Sick Chicken? Here Are the 15 Most Common Chicken Diseases (Plus, Prevention & Cure)

Are you dealing with fatal poultry diseases or a simple mite infection?

We’ve gathered information on some of the most common chicken diseases so you can help diagnose your backyard chickens and figure out what you can do to keep those guys alive, healthy, and layin’!

Common Chicken Diseases That You Should Know

DiseaseSymptomsFatal
Avian InfluenzaDiarrhea, breathing issues, and no appetiteYes
BotulismTremors/paralysisYes
BumblefootPink/callused legsNo
CoccidiosisBloody diarrheaNo
Fowl CholeraFever, reduced appetite, heavy breathingYes
Fowl PoxSores/respiratory issuesNo
Infectious BronchitisLabored breathing/watery dischargeNo
Infectious CoryzaFacial swelling with discharge Yes
Lymphoid LeukosisComb regression/large abdomenYes
Marek’s DiseaseParalysis, drooping wings, enlarged feather folliclesYes
Mushy ChickExternal navel infectionYes
Newcastle DiseaseRunny nostrils, paralysis, twisting of the neckYes
SalmonellosisLethargy, puffy eyes, ruffled feathersYes
Scaly LegRoughness and unevenness of the legsNo
ThrushOozy white secretion around the neckNo

The goal here is to highlight some of the most common chicken diseases. However, keep in mind that there are countless other diseases out there.

1. Avian Influenza

More commonly known as “bird flu,” Avian Influenza has become alarming to humans because of the infectious rate at which it can spread and kill off a flock – not to mention the possible transfer to humans as well.

Causes

Anything from an improperly disposed-of carcass to infected rodents, equipment, and even people can all spread the disease.

Symptoms

Milder forms of Avian Flu can lead to tiredness, diarrhea, breathing issues, a decline in eating, and decreased egg production. For severe cases, dark red and white spots can develop on the legs and combs.

Also, blood-tinged discharge from the nostrils is common and facial swelling and blue combs and/or wattles.

Treatment

There is no effective treatment available at this time.

You can read more about the Avian Flu here.

2. Botulism

Next on the list is another worldwide sickness familiar to our collective ear: Botulism.

Causes

Botulism bacteria can come from pond scum, maggots, plant waste, and the classic – rotting meat.

Symptoms

Tremors and paralysis are common. You may find birds unable to stand or lift its head (1).

Sometimes birds may just be found dead, with no evidence of struggling. There is no diarrhea or nasal discharge and no signs of injury.

Eventually, the paralysis can extend to breathing, at which point you can lose the animal.

Treatment

The poultry vet will administer antitoxins.  

3. Bumblefoot

Bumblefoot is a chicken’s version of a staph infection in their leg (hence the “foot” part…)

Causes

This bacteria, which comes from the soil, can appear especially after a heavy rain disrupts any stagnant water in the chicken’s environment.

Symptoms

A bird with Bumblefoot has some pretty gnarly-looking legs – pink, callused and covered in sores. If left untreated, the whole foot turns dark blue or even black.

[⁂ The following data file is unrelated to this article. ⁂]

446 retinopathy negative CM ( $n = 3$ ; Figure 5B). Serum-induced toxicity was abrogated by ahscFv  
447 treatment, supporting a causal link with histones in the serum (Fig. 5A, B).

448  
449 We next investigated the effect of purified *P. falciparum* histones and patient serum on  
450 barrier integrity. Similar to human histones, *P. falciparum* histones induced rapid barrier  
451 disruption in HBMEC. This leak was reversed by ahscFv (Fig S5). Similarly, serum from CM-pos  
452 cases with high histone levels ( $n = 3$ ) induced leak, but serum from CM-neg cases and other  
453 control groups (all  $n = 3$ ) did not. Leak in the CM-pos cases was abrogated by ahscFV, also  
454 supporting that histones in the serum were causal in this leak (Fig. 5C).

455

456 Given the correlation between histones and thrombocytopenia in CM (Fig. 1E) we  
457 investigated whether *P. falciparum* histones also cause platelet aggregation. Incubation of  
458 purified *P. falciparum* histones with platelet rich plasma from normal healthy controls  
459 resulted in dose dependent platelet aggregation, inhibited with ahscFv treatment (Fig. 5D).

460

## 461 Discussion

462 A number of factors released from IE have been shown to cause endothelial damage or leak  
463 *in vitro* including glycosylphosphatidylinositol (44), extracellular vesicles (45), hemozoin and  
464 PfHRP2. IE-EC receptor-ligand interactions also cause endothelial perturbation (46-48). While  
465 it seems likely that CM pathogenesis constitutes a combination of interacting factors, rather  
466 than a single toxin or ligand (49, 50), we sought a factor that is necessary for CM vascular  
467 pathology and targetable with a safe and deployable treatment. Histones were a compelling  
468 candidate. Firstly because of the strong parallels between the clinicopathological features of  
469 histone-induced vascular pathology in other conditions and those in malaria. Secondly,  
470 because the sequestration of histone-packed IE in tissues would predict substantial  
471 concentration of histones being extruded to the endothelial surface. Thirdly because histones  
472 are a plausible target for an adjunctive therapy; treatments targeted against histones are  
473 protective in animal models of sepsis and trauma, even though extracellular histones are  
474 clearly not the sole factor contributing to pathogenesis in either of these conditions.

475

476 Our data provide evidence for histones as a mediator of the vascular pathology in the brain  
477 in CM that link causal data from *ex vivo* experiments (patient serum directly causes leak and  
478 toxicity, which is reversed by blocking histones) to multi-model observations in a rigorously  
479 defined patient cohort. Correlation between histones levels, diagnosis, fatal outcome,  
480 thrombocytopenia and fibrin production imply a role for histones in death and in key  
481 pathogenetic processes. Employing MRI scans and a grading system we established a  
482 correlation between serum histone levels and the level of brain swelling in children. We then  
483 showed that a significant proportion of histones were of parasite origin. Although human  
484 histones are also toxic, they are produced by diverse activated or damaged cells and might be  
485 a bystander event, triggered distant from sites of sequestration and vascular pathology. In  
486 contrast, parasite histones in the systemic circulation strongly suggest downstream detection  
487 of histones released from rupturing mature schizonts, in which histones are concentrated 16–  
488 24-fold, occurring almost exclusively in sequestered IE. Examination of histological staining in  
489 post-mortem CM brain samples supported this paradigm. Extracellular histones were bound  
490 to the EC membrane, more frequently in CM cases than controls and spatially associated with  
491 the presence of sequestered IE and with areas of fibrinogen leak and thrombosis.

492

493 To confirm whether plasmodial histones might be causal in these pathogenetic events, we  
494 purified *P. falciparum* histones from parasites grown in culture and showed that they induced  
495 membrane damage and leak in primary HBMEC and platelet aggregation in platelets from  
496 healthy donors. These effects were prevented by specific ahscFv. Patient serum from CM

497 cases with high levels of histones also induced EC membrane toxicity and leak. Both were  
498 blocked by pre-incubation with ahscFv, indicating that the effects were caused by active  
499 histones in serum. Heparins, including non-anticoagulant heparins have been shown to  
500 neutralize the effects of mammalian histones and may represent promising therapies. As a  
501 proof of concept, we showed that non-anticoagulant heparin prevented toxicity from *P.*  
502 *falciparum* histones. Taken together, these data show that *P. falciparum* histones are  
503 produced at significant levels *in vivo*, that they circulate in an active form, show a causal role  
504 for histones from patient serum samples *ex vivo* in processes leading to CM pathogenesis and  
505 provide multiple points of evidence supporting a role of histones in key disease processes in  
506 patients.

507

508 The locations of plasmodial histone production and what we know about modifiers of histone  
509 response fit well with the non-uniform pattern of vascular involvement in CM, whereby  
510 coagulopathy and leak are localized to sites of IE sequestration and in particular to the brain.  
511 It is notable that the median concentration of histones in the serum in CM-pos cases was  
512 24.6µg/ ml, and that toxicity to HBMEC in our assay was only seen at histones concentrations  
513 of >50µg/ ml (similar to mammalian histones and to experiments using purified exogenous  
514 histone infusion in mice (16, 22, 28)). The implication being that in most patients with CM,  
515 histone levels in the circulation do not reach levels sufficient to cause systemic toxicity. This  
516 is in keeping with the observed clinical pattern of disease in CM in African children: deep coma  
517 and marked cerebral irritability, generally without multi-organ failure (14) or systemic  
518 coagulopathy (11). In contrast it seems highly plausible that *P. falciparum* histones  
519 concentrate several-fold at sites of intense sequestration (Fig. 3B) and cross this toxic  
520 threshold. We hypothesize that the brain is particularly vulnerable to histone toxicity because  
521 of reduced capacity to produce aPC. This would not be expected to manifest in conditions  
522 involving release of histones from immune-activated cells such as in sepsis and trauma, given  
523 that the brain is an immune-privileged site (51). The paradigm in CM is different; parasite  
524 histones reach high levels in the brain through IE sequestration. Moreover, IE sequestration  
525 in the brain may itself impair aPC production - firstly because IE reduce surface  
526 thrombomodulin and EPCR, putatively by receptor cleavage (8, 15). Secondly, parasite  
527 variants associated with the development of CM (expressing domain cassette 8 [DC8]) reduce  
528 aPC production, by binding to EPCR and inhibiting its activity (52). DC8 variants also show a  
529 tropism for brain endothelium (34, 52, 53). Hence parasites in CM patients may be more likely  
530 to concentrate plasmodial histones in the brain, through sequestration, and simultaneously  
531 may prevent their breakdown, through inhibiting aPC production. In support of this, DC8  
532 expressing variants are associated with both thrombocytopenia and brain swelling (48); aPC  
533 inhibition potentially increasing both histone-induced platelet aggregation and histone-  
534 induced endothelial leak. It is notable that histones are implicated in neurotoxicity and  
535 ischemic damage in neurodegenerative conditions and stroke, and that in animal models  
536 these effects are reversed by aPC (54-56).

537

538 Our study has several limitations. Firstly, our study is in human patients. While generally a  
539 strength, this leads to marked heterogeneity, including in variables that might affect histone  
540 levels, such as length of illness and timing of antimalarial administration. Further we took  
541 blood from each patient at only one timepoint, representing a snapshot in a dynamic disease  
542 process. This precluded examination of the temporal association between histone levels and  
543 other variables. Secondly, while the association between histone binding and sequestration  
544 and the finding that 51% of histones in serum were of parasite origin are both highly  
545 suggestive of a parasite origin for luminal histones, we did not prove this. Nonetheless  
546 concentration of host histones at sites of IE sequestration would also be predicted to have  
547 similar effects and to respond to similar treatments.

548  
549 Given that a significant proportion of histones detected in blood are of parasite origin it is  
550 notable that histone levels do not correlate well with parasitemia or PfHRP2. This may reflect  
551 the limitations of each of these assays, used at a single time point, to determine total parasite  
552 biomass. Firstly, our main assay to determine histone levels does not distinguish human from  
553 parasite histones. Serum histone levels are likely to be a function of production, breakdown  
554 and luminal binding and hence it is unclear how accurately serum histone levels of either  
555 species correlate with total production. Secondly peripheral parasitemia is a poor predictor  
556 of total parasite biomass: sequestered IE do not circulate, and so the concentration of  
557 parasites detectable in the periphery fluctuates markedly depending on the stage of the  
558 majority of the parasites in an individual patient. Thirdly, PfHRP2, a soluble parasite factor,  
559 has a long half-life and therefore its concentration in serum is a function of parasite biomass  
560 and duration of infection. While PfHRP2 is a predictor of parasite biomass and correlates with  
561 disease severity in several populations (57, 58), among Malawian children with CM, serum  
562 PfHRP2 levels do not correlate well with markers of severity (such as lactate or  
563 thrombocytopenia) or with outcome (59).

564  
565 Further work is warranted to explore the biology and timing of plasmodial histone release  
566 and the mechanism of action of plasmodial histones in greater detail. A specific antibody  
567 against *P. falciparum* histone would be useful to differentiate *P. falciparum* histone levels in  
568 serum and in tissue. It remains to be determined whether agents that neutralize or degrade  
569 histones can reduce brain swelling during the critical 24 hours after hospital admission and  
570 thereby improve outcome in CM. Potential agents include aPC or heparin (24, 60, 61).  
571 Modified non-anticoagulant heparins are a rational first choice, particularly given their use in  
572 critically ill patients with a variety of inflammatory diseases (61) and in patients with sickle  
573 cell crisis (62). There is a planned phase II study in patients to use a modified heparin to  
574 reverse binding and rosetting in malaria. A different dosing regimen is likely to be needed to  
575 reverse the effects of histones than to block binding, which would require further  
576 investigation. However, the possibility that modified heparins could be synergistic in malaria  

Treatment

Antibiotics are effective. Dietary change and even surgery are options as well.

Here is a good source for more information on Bumblefoot in chickens.

4. Coccidiosis

Coccidiosis is a chicken disease that invades the bird’s intestinal tract.

Causes

The parasite is ingested from the chicken’s environment in its egg form and then reproduces, at which point more eggs leave through the chicken’s feces.

Symptoms

Look out for diarrhea with blood and mucus and losing weight. Ruffled feathers and listless activity are also symptoms.

Treatment

Get an anticoccidial agent like amprolium or toltrazuril. A gentler alternative is using an essential oil like thyme, tea tree, or clove.

5. Fowl Cholera

First diagnosed over a century ago, fowl cholera is one of the more serious diseases in winter when chickens are closer together.

Causes

It can spread from things like rats, possums, and other rodents and wildfowl that stop in for a visit.

Symptoms

When the outbreak is serious, the first symptom you might run into is death.

However, monitor your backyard flock for symptoms such as fever, reduced appetite, heavy breathing, mucus from the mouth, diarrhea, and ruffled feathers.

Weight loss, losing the ability to walk, swollen joints, and abscessed wattles are warning signs too.

Treatment

Antibiotics are available, however, if the bird recovers, it’s still a carrier. Preventative treatments like vaccination can prevent the further spread of the disease.

Really, though, keeping those pesky rodents out is the best long-term preventative you can find.

You can get some more info on this illness here (the first one under Nonrespiratory Bacterial Diseases).

6. Fowl Pox

Note: this is not the same illness in humans.

Causes

Fowl Pox spreads from direct contact between chickens and can spread through scabs that have fallen off, skin that has been scraped, breathing, and even through a bird’s eyes.

Symptoms

There are two kinds of Fowl Pox – dry form and wet form.

Symptoms of a dry form include warty, raised spots on featherless areas while wet form comes with actual pox in the mouth and throat.

You can learn more about Fowl Pox here.

Treatment

There is no known treatment available, but it spreads slowly, you should conduct preventative measures.

7. Infectious Bronchitis

This incredibly contagious viral disease plagues chickens in particular, rather than birds in general.

Causes

The virus can spread through many transmissions, including feed bags, dead birds, infected coops, and those good-for-nothing rodents. But most commonly, it can spread via the air.

Symptoms

Chickens with Infectious Bronchitis will eat and drink less and develop a watery discharge from their eyes and nostrils. They will begin to have heavy and labored breathing and lay fewer eggs.

Treatment

There is little to do once your chickens already have the virus besides taking good, rehabilitative care of them.

Regular cleaning of your coop and vaccination can help manage and prevent this infectious chicken disease from spreading.

Vaccines are available to prevent contracting the disease, but it must be given early on in life (within the first 15 weeks) as eventually, it will stop the hen from laying eggs. If you want to learn the other reasons why chickens stop laying eggs, read here.

8. Infectious Coryza